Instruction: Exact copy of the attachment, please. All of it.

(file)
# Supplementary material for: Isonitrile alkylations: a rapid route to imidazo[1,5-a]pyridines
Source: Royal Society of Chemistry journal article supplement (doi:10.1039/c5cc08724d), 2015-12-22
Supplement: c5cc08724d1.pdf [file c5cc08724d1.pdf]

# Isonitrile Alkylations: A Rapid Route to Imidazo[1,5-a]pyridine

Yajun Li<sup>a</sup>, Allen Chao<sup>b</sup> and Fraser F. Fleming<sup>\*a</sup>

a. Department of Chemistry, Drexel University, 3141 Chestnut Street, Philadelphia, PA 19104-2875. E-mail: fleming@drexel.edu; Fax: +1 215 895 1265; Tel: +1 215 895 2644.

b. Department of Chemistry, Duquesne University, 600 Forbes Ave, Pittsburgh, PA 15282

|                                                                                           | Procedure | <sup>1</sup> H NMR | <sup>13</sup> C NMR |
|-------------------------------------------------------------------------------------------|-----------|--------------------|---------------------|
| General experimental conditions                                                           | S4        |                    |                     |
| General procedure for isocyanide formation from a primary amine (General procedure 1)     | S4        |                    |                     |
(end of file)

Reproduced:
# Supplementary material for: Isonitrile alkylations: a rapid route to imidazo[1,5-a]pyridines
Source: Royal Society of Chemistry journal article supplement (doi:10.1039/c5cc08724d), 2015-12-22
Supplement: c5cc08724d1.pdf [file c5cc08724d1.pdf]

# Isonitrile Alkylations: A Rapid Route to Imidazo[1,5-a]pyridine

Yajun Li<sup>a</sup>, Allen Chao<sup>b</sup> and Fraser F. Fleming<sup>\*a</sup>

a. Department of Chemistry, Drexel University, 3141 Chestnut Street, Philadelphia, PA 19104-2875. E-mail: fleming@drexel.edu; Fax: +1 215 895 1265; Tel: +1 215 895 2644.

b. Department of Chemistry, Duquesne University, 600 Forbes Ave, Pittsburgh, PA 15282

|                                                                                           | Procedure | <sup>1</sup> H NMR | <sup>13</sup> C NMR |
|-------------------------------------------------------------------------------------------|-----------|--------------------|---------------------|
| General experimental conditions                                                           | S4        |                    |                     |
| General procedure for isocyanide formation from a primary amine (General procedure 1)     | S4        |                    |                     |